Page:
I don’t know the counts of Unix and Linux servers. I do know that my heart sinks whenever I look under the hood in Linux. It is has been so overfed by loving hands. Over 240 system calls! Gigabytes of source! AC compiler with a 250-page user manual (not counting the language definition)! A simple page turner, ‘less,’ has over 40 options and 60 commands! It’s proof that open-source can breed monsters just like the commercial pros. Miraculously, though, this monster works.

Douglas McIlroy

The net result of all this is that we have data centres occupying many hectares, filled with computers that are architecturally identical to a Packard Bell 486 desktop running MS-DOS long enough to boot a crippled and amateurish clone of Unix circa 1987, and an endless array of complex, kludged-up hardware and software components intended to hide all of that.  I would ask for a show of hands from those who consider this progress …

We are here in part, because this is probably the best we can do with today’s technology and, in part, because of historical accident. The accident is that we have adapted a general-purpose technology to very specialized tasks while still using general tools.

Don Norman, “Why Interfaces Don’t Work”

We are reaching the software event horizon. Somehow we have employed more and more people to write software of less and less quality to satisfy an insatiable market for computer programs. As these programs perform more poorly than their predecessors, we find ourselves buying upgrades more frequently, and the demand for programmers increases to compensate for their lower effective productivity.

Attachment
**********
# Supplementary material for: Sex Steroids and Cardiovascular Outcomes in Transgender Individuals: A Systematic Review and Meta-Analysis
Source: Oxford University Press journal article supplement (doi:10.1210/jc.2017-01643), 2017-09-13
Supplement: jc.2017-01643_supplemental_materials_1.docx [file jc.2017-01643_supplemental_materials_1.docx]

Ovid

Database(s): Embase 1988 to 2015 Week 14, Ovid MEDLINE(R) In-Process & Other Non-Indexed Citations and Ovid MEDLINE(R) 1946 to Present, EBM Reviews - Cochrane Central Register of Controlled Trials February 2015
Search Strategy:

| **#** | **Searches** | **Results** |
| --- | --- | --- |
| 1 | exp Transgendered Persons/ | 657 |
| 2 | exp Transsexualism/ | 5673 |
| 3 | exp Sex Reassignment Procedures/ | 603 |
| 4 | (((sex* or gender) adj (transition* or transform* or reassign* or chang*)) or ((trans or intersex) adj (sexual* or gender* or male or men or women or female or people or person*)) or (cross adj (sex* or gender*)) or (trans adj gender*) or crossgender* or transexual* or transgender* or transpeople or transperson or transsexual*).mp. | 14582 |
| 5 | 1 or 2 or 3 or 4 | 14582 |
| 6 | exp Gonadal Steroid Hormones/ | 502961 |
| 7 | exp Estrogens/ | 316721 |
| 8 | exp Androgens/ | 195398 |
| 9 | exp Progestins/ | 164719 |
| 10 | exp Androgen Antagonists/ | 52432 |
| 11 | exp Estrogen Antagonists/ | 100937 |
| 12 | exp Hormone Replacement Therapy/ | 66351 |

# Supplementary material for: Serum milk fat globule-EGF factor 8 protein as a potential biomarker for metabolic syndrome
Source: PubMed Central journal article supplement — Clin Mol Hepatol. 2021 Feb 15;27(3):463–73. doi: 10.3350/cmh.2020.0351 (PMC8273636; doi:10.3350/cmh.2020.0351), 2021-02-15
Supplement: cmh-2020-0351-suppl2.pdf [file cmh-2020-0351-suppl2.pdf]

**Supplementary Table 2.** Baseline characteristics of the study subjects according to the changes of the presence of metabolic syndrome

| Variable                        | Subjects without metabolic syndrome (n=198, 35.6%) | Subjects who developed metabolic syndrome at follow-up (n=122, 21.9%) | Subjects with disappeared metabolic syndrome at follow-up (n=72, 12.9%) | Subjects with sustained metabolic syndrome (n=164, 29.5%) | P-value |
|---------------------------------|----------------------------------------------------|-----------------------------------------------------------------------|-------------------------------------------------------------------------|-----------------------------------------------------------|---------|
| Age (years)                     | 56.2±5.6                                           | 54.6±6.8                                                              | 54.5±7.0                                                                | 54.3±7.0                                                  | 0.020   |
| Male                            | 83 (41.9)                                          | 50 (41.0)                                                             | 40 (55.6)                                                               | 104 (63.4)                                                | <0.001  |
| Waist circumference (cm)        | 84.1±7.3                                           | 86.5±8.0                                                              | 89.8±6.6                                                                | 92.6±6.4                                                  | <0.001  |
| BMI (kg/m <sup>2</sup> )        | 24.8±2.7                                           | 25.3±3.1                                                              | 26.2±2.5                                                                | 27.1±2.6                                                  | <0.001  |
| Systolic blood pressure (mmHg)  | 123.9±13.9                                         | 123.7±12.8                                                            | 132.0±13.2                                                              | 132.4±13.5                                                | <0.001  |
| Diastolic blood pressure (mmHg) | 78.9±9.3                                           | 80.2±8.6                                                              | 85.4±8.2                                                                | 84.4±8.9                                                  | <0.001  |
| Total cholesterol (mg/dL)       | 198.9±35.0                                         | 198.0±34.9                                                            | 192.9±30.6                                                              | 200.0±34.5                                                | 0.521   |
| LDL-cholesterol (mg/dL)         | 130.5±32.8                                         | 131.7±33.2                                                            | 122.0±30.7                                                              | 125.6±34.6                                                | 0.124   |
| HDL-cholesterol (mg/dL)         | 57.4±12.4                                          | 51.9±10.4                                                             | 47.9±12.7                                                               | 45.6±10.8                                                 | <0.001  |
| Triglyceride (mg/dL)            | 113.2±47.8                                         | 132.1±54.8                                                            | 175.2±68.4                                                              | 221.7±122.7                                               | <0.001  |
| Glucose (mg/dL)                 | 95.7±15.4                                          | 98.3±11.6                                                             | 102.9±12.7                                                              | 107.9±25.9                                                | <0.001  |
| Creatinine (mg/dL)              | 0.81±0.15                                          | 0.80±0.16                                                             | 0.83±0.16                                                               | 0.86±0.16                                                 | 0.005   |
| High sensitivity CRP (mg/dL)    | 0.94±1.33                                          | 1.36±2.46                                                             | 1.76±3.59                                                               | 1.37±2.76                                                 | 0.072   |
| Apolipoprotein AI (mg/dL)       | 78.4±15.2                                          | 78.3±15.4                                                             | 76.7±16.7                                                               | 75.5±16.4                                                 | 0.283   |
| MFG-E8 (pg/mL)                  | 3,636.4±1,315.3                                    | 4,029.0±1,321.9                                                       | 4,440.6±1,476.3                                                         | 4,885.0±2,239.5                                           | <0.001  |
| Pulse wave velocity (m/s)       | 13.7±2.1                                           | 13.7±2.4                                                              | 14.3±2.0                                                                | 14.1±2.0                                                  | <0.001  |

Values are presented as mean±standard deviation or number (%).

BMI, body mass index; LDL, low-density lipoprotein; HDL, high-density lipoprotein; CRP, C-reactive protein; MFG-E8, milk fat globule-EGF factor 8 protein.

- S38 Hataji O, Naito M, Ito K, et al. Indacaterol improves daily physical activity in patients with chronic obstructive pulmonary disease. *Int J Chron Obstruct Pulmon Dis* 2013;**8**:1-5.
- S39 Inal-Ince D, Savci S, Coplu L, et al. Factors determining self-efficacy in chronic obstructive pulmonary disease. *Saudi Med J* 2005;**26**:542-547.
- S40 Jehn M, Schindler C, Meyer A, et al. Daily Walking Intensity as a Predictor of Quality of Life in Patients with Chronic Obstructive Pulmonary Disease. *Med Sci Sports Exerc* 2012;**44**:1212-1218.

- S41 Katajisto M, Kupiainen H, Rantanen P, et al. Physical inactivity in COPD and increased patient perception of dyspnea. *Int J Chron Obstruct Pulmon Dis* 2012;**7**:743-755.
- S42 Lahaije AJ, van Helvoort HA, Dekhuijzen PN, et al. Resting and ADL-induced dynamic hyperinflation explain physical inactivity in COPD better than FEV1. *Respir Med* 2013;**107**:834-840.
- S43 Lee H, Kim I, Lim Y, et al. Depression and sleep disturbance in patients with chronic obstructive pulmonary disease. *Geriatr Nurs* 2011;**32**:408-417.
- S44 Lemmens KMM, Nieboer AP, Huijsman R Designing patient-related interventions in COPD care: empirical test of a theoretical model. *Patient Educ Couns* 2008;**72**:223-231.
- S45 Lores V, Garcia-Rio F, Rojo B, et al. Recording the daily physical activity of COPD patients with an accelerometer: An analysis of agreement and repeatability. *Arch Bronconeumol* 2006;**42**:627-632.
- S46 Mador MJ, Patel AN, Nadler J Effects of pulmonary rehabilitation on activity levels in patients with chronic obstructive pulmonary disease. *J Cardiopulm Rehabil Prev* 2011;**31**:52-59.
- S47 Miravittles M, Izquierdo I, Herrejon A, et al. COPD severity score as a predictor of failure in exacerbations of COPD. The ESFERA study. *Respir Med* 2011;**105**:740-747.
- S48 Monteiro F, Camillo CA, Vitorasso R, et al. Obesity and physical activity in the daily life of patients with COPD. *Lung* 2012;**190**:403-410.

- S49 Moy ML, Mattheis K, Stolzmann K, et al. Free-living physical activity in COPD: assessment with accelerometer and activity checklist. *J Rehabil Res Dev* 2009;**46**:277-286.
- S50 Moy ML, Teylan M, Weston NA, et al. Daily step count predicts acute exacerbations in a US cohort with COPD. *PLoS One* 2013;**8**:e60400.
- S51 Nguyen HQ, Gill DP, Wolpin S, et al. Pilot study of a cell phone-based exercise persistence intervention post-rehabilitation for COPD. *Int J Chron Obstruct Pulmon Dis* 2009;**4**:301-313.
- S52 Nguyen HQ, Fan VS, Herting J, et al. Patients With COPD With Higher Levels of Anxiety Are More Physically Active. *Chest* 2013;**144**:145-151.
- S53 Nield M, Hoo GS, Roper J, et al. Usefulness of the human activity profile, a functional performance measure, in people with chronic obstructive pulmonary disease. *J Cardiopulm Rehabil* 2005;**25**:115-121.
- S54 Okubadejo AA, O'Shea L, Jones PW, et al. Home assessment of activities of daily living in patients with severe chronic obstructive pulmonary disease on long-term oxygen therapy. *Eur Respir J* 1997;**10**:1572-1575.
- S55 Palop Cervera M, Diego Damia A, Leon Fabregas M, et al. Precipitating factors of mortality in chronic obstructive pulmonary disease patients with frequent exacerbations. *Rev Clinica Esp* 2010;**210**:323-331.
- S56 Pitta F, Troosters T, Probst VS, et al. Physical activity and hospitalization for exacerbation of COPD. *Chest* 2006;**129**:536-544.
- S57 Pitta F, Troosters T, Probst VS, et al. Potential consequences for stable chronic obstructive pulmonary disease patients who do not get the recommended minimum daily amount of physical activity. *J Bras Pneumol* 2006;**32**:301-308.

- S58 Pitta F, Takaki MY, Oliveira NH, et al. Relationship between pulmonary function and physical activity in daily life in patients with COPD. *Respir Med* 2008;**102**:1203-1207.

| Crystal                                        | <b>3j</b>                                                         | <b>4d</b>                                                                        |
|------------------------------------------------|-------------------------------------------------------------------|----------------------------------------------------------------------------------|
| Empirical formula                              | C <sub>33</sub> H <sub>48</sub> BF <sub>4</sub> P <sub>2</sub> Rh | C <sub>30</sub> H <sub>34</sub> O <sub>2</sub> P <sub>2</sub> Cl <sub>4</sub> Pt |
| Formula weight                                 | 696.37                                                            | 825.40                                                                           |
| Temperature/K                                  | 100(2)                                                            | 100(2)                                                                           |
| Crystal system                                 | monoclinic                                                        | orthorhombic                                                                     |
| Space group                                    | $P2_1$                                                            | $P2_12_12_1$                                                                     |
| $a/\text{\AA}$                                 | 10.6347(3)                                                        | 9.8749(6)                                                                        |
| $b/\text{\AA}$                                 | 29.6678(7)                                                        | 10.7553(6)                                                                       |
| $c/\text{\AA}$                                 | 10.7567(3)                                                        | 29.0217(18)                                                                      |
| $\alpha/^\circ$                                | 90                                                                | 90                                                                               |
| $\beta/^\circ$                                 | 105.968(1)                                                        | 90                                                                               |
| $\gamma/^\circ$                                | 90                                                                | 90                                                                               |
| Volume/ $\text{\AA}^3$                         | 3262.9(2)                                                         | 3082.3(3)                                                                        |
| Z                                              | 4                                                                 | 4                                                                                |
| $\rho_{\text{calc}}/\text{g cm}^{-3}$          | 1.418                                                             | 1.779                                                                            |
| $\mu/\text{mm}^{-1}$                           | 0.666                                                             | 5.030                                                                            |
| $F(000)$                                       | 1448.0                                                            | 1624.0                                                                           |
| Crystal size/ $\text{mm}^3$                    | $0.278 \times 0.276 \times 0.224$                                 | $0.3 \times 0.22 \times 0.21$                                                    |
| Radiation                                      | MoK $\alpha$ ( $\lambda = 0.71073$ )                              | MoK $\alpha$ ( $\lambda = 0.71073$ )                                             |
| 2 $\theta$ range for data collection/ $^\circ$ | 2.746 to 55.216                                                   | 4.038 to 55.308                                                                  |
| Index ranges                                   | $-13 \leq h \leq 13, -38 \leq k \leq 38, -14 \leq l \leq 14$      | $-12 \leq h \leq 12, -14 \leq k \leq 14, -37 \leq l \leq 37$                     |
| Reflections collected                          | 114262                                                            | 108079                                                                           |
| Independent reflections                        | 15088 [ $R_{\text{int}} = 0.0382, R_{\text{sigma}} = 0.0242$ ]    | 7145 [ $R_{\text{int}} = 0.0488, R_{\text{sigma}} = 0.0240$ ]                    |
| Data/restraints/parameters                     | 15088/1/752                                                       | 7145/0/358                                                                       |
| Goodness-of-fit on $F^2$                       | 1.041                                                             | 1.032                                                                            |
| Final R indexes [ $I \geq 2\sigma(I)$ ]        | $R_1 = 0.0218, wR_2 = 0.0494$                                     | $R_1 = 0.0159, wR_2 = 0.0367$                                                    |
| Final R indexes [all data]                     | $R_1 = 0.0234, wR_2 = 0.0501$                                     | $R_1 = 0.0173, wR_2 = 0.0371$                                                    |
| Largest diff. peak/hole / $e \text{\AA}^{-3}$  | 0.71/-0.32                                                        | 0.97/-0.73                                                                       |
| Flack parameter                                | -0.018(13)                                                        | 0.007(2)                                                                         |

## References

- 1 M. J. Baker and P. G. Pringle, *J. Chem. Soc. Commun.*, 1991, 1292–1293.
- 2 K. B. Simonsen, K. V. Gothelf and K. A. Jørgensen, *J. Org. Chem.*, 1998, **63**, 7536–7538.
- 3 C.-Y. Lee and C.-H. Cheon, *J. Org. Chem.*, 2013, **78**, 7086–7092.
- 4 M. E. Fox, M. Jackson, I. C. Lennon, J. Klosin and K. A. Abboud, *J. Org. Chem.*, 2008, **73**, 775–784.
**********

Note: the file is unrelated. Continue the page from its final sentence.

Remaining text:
In 1989 they had a small exhibit on the New York World’s Fair site in Queens called “Remembering the Future” where they celebrated the futuristic visions of 1939 and 1964.

The 1939 future mostly came true but, somehow, the 1964 future fell short of expectations and there are myriad reasons for this including political changes and social evolution. I have felt these changes in several fora but nowhere has the shortfall been so dramatic as in the forum of the digital computer.

Audio-bookery

I read books very rarely these days, or rather very slowly, sometimes just a page or two a day. One of the ways I do “read” regularly is orally rather than visually, by listening to 10-15 minutes daily. Audible.com’s $14.95 monthly membership happens to work out quite well for this, since I rarely finish listening to a book in less than a month. Yes, ten years ago this would’ve been a joke, but it’s totally worth it.1

Selecting audiobooks is very different from regular books or e-books. It’s impossible to “hoard” them2(!) A bigger difference is what I end up looking for. Instead of going by the author or the theme, I find myself giving a huge weight to the narrator. An average narrator ruins the experience3.

The reason I mention this is I found a two-year old article4 about the same, which has a list of “famous” narrators. One of my famous narrators didn’t make the list, so I’ll mention her here. Wanda McCaddon5 was the narrator of “The Birth of the Modern” by Paul Johnson, and ever since, I’ve been seeking her out everywhere (my favorite so far has been “The Guns of August”).

Anyway, depending on your point of view, available time and inclination to listening to someone talk, you’ll either find the idea of audiobooks a “fad” or something you’d enjoy6. If it’s the latter, go for the 30-day free trial and see how you like it.


  1. Think “price of a haircut”, or “four cups of coffee at Starbucks” 
  2. Well, ok, you can, but you have to try hard. Compare to e-books, where a whole mass of them piles up in a jiffy. Which is why I gave up on them. 
  3. I wish most authors who try to read their own stuff would take a hint (one notable exception being Prof. Michael Drout
  4. Wall Street Journal, “The New Explosion in Audio Books 
  5. Though she uses a stage name, and I encountered her as “Nadia May” 
  6. On the other hand, some of the add-ons, like the so-called “immersive reading” experience where you buy both the audiobook and the e-book are definitely not worth it.